Stratosphere: Definition & Facts

Instructor: Rachel Tustin

Dr. Rachel Tustin has a PhD in Education focusing on Educational Technology, a Masters in English, and a BS in Marine Science. She has taught in K-12 for more than 15 years, and higher education for ten years.

This lesson will describe the defining characteristics of the stratosphere, which is the second layer of the atmosphere. These characteristics include temperature changes and the presence of the ozone layer.

An Invisible Cake in the Sky

If you look up at the sky, either on a clear day or a starry night, it probably wouldn't occur to you that you are looking through layers. Though the atmosphere may appear uniform to the naked eye, it is actually similar to a layer cake. We live in one layer, called the troposphere, where the clouds and most of the water vapor reside. However, just above that is an equally important layer called the stratosphere.

Mapping the Position of the Stratosphere

We live in the troposphere, which is the layer of the atmosphere closest to earth. Just above that is the stratosphere, the area of the atmosphere where passenger airplanes and weather balloons fly. There are a few other atmospheric layers as well -- you can take a look at a diagram of these below.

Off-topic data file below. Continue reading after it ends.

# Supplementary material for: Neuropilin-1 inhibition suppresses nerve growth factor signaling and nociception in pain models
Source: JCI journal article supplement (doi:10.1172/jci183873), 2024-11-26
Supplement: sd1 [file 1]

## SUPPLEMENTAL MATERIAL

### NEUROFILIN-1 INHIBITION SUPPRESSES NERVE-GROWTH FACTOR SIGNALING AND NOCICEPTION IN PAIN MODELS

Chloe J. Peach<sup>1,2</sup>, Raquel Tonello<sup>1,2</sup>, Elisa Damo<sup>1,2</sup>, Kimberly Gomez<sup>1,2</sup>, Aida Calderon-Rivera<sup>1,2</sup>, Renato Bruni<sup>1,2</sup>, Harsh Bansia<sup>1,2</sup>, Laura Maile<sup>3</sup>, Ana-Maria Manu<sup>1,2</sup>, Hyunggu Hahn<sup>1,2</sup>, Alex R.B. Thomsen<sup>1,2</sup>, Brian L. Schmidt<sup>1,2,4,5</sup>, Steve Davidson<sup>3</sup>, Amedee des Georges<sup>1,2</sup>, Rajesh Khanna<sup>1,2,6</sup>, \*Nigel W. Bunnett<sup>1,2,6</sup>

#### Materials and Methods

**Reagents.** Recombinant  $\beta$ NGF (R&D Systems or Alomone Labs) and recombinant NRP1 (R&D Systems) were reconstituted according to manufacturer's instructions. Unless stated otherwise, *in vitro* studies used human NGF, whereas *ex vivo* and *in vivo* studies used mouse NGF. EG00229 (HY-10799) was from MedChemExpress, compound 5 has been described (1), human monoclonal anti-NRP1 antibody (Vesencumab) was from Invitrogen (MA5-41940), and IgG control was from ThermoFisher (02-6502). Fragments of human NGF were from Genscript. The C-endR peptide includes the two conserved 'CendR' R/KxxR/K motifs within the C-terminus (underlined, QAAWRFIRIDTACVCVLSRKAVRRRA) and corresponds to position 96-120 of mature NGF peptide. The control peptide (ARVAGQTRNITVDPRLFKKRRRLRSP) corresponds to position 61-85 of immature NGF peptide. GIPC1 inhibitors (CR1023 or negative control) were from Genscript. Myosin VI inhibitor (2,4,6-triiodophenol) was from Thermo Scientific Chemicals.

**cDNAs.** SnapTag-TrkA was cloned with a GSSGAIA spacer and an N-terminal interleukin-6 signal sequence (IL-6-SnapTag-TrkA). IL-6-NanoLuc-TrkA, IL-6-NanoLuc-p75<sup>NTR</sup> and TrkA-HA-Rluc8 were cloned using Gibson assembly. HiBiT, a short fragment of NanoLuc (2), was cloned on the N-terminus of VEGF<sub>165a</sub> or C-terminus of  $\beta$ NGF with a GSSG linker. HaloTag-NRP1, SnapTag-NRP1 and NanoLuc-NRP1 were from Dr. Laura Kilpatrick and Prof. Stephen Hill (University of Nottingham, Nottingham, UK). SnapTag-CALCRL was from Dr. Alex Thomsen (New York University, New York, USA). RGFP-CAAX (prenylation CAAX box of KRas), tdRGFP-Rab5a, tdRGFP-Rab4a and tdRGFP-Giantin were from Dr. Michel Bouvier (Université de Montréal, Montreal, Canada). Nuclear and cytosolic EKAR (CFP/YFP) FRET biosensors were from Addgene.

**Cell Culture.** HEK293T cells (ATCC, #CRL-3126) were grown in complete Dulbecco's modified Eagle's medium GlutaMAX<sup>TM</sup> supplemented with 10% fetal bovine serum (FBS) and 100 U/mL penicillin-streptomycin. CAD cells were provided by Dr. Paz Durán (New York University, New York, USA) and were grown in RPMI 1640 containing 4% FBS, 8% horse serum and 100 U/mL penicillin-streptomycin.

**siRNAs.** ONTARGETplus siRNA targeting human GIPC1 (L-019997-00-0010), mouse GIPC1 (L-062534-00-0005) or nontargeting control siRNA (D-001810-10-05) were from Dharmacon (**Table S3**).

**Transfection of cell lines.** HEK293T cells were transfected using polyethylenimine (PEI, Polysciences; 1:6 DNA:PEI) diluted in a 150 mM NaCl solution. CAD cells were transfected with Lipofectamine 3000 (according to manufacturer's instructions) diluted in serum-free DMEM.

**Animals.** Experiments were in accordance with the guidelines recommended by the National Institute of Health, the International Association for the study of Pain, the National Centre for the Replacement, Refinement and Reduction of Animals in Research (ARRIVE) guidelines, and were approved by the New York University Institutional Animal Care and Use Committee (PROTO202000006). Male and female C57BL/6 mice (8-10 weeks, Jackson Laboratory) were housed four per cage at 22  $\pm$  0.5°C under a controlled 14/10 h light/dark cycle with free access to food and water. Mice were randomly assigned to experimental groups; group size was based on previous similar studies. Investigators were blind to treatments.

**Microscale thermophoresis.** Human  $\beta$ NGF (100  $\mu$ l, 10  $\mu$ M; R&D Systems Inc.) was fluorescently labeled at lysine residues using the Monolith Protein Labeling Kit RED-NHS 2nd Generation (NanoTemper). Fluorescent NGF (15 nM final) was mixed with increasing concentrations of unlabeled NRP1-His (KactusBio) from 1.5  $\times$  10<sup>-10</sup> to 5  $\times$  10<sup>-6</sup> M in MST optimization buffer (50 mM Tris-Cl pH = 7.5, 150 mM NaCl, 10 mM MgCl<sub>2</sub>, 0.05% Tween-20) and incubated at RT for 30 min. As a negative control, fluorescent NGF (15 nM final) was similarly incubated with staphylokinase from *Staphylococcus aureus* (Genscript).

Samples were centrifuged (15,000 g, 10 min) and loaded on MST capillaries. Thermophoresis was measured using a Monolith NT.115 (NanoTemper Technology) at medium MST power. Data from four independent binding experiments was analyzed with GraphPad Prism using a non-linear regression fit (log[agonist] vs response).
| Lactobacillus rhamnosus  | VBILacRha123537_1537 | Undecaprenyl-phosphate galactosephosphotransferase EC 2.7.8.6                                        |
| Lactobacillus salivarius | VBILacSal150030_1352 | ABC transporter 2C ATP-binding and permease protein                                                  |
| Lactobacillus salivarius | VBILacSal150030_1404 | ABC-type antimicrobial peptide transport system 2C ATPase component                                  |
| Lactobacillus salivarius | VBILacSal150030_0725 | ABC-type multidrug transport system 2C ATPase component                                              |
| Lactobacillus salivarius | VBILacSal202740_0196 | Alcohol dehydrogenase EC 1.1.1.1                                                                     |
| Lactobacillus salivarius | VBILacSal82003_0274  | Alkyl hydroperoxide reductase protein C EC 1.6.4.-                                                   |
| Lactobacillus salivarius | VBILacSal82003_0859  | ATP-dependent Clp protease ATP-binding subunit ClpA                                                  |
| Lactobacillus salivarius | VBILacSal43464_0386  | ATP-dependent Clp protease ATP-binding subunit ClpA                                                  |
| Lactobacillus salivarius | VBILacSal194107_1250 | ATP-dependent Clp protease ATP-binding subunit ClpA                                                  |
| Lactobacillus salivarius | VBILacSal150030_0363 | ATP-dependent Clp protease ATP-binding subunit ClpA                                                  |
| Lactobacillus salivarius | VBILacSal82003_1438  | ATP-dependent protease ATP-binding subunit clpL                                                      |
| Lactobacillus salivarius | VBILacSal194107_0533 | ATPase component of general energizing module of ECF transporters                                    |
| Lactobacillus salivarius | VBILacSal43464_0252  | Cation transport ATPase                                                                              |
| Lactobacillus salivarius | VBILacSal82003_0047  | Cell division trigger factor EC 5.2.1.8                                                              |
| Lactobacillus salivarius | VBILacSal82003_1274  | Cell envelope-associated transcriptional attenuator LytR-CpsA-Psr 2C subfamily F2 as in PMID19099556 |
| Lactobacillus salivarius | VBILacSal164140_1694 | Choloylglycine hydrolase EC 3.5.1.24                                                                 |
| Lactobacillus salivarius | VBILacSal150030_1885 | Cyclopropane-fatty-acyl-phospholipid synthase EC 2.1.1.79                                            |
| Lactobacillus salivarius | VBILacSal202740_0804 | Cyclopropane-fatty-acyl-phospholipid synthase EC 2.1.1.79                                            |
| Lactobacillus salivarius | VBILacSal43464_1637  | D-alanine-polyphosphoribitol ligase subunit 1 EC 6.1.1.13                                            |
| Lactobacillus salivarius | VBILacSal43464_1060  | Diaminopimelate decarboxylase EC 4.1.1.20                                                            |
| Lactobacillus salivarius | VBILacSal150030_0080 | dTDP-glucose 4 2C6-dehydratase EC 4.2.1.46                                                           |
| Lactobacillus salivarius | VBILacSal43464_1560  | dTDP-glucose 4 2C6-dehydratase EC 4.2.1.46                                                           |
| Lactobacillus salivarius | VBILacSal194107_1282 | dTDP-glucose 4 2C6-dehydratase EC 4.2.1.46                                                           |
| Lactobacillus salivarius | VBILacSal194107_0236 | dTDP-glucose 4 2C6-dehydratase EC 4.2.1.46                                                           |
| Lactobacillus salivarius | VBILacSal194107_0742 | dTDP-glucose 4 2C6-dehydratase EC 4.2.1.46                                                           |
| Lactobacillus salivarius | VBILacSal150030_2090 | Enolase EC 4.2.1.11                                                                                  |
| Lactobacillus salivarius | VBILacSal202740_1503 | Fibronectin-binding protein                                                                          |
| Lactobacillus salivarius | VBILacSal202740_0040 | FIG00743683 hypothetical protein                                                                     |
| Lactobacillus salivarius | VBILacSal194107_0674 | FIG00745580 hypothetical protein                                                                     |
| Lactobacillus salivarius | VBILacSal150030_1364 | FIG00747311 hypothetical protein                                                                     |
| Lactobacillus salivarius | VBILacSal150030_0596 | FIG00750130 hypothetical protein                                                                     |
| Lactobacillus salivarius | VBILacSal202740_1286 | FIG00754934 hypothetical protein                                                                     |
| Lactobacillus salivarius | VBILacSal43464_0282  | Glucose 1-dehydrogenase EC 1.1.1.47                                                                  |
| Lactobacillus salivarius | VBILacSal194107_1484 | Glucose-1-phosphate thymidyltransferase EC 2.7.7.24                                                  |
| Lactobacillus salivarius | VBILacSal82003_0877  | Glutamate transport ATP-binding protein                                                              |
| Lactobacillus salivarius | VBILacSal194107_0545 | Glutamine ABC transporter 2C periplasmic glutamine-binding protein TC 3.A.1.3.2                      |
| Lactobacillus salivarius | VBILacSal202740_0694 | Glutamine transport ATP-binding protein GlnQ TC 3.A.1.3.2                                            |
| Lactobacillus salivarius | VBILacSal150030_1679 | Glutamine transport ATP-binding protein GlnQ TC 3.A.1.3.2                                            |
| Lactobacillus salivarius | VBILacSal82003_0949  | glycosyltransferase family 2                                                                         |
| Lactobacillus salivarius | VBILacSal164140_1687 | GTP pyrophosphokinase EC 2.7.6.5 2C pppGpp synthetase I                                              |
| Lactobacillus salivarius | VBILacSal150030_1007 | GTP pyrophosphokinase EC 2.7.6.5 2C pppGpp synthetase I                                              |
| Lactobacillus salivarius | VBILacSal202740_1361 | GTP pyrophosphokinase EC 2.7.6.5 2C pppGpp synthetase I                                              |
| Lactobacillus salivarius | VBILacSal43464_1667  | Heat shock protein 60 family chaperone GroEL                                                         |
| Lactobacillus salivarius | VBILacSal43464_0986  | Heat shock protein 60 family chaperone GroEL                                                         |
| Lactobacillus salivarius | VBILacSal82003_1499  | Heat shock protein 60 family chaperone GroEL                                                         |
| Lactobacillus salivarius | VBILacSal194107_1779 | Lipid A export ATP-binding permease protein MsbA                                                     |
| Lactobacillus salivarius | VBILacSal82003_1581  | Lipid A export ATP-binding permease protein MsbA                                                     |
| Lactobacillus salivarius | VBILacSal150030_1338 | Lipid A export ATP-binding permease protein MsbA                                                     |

Layers of the Atmosphere

The stratosphere begins at around 10 kilometers above the surface of the earth. This is just an estimate, however, as the lower and upper boundaries actually vary with the latitude of the earth. Around the poles, it actually begins at around 7 kilometers, whereas around the equator it can be as high as 20 kilometers. The stratosphere ends where it transitions to the mesosphere, around 50 kilometers above the earth.

On a Clear Day in the Stratosphere

While the troposphere is filled with a vast assortment of clouds thanks to a gas we know as water vapor, the stratosphere is a vast, clear blue sky. There is very little water vapor in this layer of the atmosphere, so clouds are a rare occurrence. Clouds form when water vapor condenses into a liquid, and with very little water, vapor condensation is virtually impossible.

Convection is the process whereby warm air rises and cooler air descends. While common in the troposphere, very little convection takes place in the stratosphere. As a result, it tends to trap any and all gases that enter this region of the atmosphere. For years, CFCs - a chemical used in aerosols - were transported the stratosphere via convection and became trapped there. Gases and dust from volcanic eruptions often meet the same fate, remaining trapped in the stratosphere for months or even longer.

The Life Sustaining Properties of the Troposphere

The stratosphere is actually crucial to allowing us to live on earth, because within the stratosphere you will find the ozone layer. Ozone, which is actually a molecule made up of three oxygen atoms linked together by covalent bonds, absorbs harmful ultraviolet radiation that enters the Earth's atmosphere as part of sunlight.

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